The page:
Year: 1944

Director: Charles Vidor

Starring: Rita Hayworth, Gene Kelly, Phil Silvers, Lee Bowman, Leslie Brookes, Eve Arden, Otto Kruger

Rita Hayworth and Gene Kelly may be the most perfectly matched film couple of all time. Not the greatest, mind you, but definitely among the best matched. They were both impossibly good looking people, they both had charismatic acting chops, and both really could dance their pants off (though hardly anybody remembers that about Hayworth). They’re the best thing about Cover Girl. And that’s saying a lot. Because Cover Girl is a damn good movie.

Rusty (Hayworth) dances at her boyfriend Danny’s (Kelly) club, but she wants to get famous. So she goes to an open call for John Coudair’s (Kruger) magazine, where they’re looking for a model for the “Golden Wedding” issue. Rusty lands the gig and becomes famous overnight, much to the chagrin of Danny, who thinks she should achieve fame using her considerable singing and dancing talents.

It sounds like a simple enough story. And if that was all the movie was it would still be a really good musical romance. But the film weaves in flashback’s to Coudair’s past, where he fell in love with Rusty showgirl grandmother, who really loved the poor piano player from the club where she worked. So Cover Girl works beyond just the musical comedy level. Unlike so many films of this genre, it creates a layered, detail history to the characters and their stories that gives it a very full, meaningful feeling. You could take out the musical numbers (though they’re so good you really shouldn’t) and you’d still have a damn good movie.

And like I said, those musical number are all kinds of awesome. The fun songs combined with the skilled dancing of Kelly and Hayworth may not be as memorable as something out of an Astaire/Rogers picture, but they’re still a load of fun. “Make Way For Tomorrow”, “Poor John”, “A Sure Thing”, and, especially, “Long Ago and Far Away” are all winners. With musical numbers set in two different time periods, the song writers creat to distinct styles (and “Poor John” is actually a song written in 1906).

And, of course, there’s Hayworth and Kelly, who should have made a lot more films together. They’re chemistry is off the charts. It shows not only in their romantic dialog scenes together, but also their dances. By the time they’re singing “Long Ago and Far Away” (pretty much the most romantic song of all time) to each other, they’ve already cemented themselves as one of the great couples of cinema.

Year: 1944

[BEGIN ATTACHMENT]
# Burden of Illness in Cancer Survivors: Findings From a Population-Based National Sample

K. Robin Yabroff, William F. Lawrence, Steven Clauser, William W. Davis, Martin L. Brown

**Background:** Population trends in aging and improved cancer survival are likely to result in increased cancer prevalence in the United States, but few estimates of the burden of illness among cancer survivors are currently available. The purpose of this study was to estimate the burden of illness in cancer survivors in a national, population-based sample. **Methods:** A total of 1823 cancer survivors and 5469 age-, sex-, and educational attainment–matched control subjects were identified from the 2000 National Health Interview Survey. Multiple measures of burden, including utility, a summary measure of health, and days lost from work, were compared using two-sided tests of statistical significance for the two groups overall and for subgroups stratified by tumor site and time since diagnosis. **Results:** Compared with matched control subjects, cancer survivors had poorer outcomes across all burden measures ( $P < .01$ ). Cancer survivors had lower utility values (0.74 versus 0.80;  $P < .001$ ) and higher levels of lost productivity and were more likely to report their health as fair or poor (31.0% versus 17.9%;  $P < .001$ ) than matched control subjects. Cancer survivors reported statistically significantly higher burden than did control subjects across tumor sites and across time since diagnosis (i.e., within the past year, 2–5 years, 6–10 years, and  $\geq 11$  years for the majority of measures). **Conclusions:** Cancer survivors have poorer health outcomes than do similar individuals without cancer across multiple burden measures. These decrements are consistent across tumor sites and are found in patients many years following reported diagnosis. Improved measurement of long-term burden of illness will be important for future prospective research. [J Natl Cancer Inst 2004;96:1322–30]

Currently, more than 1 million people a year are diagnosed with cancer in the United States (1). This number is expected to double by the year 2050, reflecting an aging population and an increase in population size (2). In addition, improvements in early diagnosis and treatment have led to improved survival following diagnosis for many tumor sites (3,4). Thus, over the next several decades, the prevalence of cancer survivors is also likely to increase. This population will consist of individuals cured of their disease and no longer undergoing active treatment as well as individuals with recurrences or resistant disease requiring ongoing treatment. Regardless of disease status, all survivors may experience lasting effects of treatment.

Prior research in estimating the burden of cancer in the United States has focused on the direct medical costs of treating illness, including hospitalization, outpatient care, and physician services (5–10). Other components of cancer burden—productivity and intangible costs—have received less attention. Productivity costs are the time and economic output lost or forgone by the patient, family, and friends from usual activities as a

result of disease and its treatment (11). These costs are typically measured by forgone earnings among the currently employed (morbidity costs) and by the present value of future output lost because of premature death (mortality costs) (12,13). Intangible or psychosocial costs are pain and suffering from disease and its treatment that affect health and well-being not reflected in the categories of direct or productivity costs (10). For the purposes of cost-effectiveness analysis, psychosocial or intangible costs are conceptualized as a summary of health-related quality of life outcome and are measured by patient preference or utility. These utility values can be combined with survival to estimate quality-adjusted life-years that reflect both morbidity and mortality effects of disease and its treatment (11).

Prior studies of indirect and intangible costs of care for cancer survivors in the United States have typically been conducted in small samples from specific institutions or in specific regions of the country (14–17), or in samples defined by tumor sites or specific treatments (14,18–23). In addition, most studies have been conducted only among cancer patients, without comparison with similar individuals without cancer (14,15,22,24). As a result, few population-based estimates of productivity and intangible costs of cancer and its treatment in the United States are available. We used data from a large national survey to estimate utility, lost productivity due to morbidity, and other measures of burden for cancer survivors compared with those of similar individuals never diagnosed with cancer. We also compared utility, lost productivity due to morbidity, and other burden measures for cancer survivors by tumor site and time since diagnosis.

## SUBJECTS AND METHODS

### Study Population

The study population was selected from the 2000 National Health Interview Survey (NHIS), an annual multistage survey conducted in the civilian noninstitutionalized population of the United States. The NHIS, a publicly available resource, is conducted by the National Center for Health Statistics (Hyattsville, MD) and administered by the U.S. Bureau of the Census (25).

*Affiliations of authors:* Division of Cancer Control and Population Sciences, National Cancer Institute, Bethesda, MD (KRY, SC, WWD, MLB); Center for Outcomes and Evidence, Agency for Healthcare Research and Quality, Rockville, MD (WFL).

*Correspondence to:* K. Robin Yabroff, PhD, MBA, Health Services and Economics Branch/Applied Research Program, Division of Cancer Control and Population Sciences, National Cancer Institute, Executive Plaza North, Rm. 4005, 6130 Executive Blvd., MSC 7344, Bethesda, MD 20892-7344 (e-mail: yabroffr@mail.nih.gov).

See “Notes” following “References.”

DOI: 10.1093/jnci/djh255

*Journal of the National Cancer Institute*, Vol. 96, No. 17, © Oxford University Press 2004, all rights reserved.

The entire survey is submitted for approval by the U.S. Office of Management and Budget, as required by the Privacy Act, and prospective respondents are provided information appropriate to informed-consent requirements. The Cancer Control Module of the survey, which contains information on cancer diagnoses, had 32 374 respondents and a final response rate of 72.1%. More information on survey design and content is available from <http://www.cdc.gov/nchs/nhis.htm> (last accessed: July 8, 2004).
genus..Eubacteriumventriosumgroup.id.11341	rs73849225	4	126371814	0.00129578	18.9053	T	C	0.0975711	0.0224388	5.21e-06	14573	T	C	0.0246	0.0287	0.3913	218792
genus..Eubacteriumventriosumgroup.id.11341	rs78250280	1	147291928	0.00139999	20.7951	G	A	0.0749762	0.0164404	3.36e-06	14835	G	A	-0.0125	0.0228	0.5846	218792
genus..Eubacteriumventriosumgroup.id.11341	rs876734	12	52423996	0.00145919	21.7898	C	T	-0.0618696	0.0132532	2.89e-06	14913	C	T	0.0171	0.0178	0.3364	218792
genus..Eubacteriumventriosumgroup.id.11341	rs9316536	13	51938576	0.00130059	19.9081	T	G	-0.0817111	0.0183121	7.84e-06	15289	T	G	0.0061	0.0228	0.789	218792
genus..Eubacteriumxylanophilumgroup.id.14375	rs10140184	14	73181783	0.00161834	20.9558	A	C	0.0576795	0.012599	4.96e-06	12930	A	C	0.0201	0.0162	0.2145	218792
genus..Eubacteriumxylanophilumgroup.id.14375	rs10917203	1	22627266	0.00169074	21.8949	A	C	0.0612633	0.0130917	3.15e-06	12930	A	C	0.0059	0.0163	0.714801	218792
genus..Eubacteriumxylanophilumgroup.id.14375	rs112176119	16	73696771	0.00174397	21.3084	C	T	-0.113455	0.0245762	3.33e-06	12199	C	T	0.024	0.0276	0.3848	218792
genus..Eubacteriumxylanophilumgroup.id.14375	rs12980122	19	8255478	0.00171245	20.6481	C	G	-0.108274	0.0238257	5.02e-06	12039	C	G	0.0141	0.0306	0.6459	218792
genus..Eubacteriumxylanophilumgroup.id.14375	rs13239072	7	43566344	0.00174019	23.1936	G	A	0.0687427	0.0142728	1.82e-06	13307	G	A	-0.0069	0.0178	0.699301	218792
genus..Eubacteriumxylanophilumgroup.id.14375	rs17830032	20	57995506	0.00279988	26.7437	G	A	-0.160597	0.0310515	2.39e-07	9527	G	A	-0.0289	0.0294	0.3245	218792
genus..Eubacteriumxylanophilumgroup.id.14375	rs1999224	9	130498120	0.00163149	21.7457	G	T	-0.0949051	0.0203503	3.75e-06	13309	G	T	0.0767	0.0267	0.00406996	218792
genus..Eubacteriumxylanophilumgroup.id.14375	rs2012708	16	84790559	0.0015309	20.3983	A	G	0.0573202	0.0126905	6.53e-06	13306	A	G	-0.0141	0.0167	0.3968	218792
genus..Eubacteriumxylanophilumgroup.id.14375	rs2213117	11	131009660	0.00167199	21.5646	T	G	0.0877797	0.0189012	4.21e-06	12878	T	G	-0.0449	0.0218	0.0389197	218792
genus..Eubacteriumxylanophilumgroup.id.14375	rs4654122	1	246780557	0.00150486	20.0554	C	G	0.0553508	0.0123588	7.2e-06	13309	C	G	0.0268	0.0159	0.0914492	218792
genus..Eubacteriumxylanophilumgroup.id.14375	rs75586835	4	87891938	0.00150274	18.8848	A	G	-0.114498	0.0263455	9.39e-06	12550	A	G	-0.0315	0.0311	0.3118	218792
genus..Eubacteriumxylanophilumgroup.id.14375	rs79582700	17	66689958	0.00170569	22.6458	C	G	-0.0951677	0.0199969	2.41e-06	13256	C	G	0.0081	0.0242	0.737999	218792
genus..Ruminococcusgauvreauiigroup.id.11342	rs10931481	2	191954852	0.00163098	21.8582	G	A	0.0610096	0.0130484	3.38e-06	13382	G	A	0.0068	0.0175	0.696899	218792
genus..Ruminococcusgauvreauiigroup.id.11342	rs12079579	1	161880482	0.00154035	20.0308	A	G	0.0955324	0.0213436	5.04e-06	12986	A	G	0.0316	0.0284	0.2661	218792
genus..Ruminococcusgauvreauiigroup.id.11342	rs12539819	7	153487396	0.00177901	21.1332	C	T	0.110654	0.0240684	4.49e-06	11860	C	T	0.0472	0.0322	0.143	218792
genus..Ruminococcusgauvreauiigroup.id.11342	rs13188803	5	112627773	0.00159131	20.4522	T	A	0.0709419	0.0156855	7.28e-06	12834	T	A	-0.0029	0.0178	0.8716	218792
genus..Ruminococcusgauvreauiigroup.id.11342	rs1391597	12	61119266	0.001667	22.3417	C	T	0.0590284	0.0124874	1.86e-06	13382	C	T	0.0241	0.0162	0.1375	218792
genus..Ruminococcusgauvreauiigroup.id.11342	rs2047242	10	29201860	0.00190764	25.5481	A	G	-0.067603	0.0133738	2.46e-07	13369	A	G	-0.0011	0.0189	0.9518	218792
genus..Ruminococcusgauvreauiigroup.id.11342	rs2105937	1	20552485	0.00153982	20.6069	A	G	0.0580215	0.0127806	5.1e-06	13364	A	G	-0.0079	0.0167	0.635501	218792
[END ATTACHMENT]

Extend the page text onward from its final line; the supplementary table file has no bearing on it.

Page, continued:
Director: Edward Dmytryk

Starring: Dick Powell, Claire Trevor, Anne Shirley, and Otto Kruger

There is something perplexing about Murder My Sweet, and it isn’t just the twisting plot. It has all the ingredients of a great noir from the 40s but doesn’t cook up to be a very filling entree. For some reason, despite being based off of a Raymond Chandler story and despite all the double-crossing, murder, despicable characters, adultery, brutality, blackmail, robbery, drugs, and sexuality, it falls some what flat. For some reason it doesn’t seem to quite connect with the audience, and for some reason it is hard to become invested in the characters.

It is still a good ride, but it doesn’t have the impact that some of the other movies from the era did. It doesn’t really stay with you after watching it. The bulk of the performances seemed mediocre to me, but the gritty story line and the stylistic flare redeem it some what, making it still worth watching, especially if you are fan of the era or a fan of film noir. It does visually cook up just the right atmosphere.

Maybe I am prejudiced against Dick Powell who plays Chandler’s well known Philip Marlowe because I recently saw Bogart play the same character in The Big Sleep, or maybe it is because Powell’s primary former film experience had been fluffy musicals. Maybe he just didn’t have what it took to step into Chandler’s dark view of Los Angeles and the shady characters who dwell there. Either way I found his performance sub-par. Maybe he just didn’t look like Marlowe to me, kind of like Timothy Dalton as Bond, his manner and looks just distract me from my love and interest in the character.

If you want to experience the best the 40s, Chandler or Film Noir have to offer, look else where first. Murder, My Sweet won’t satisfy your hunger for any of those things, but it does make a decent snack.

By: Greg Dickson